Figure 1. Q(S(Q)-1) derived from a measured indomethacin glass (blue) compared with the Debye response for a single rigid indomethacin molecule
A similar plot of Q(S(Q)-1) is displayed in Figure 2 for glassy nifedipine (CSD refcode BICCIZ) measured using a Synergy-R microdiffraction system using Mo radiation.
Displayed along with the experimental curves in Figures 1 and 2 are the calculated Debye response for a single molecule of indomethacin and nifedipine, respectively. At higher Q values, above a value of about 6, the observed diffraction response closely follows the single molecule response. While at lower Q values, below a value of about 5, there is a large discrepancy between the observed and simulated Q(S(Q)-1) response.
Figure 2. Q(S(Q)-1) derived from measured nifedipine (blue) compared with the Debye response for a single rigid nifedipine molecule (orange).
These comparisons illustrate that for amorphous and glassy materials, the higher Q diffraction response essentially arises from the inherent intramolecular structure. Furthermore, if refinement of molecular structure is the goal of the analysis, then the high Q component is important. However, if the rigid molecular structure is essentially known, then collecting data to high Q becomes less critical. Furthermore, the calculated Debye response for a rigid molecule can be used as a more appropriate normalization asymptote than the traditional atomic response. For organic molecular glassy materials, the use of a molecular Debye normalization allows the required Q range to be sufficiently reduced to allow useful measurements to be performed using Cu radiation.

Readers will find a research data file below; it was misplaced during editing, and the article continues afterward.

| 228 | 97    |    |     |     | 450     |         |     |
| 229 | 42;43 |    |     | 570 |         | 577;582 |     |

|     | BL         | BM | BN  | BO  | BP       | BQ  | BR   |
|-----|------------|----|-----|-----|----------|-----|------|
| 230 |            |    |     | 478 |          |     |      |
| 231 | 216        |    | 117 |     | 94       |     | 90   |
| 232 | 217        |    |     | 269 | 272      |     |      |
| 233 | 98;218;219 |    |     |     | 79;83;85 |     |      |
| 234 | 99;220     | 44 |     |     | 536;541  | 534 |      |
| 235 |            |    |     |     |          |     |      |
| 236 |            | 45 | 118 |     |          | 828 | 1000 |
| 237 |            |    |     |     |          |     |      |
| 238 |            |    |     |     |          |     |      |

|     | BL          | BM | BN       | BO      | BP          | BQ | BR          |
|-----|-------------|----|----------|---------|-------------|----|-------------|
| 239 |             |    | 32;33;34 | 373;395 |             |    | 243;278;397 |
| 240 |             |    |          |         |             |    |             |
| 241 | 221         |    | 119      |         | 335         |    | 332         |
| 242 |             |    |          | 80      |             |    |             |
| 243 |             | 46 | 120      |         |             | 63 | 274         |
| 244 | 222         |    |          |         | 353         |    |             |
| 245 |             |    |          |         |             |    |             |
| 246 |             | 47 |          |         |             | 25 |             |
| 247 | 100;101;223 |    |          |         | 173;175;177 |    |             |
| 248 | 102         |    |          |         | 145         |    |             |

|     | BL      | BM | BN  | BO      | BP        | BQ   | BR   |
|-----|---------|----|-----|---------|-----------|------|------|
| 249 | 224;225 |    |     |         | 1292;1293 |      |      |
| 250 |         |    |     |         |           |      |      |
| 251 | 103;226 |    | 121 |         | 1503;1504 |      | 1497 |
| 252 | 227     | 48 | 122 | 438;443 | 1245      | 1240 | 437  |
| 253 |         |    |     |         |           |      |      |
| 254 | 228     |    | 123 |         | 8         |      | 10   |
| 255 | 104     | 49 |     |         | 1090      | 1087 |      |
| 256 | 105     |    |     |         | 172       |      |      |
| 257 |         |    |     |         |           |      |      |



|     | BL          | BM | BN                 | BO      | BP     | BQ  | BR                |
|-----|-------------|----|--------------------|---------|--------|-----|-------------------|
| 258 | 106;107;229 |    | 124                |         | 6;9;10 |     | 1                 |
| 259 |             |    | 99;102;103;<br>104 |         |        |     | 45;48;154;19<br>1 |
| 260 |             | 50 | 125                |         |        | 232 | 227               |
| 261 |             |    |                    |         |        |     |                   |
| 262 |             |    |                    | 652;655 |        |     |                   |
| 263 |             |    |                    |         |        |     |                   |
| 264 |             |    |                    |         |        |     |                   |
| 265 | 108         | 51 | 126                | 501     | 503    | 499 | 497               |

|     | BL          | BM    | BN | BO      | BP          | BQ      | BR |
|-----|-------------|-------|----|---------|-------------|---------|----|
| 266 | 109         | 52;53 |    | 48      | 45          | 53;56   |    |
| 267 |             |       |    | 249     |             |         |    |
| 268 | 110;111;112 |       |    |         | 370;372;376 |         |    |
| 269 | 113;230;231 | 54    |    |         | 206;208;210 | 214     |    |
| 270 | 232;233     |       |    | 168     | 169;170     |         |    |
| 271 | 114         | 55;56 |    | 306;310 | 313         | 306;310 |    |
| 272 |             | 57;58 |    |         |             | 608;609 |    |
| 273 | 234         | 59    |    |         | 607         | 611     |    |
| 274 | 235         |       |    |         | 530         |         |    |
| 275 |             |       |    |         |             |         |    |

The discrepancy between the measured and simulated Q(S(Q)-1) at lower Q is a result of the inter-molecular packing in the glassy state, which is often the critical structural feature most predictive of materials properties. Elucidation of this glassy intermolecular packing relationship is the focus of the work presented here.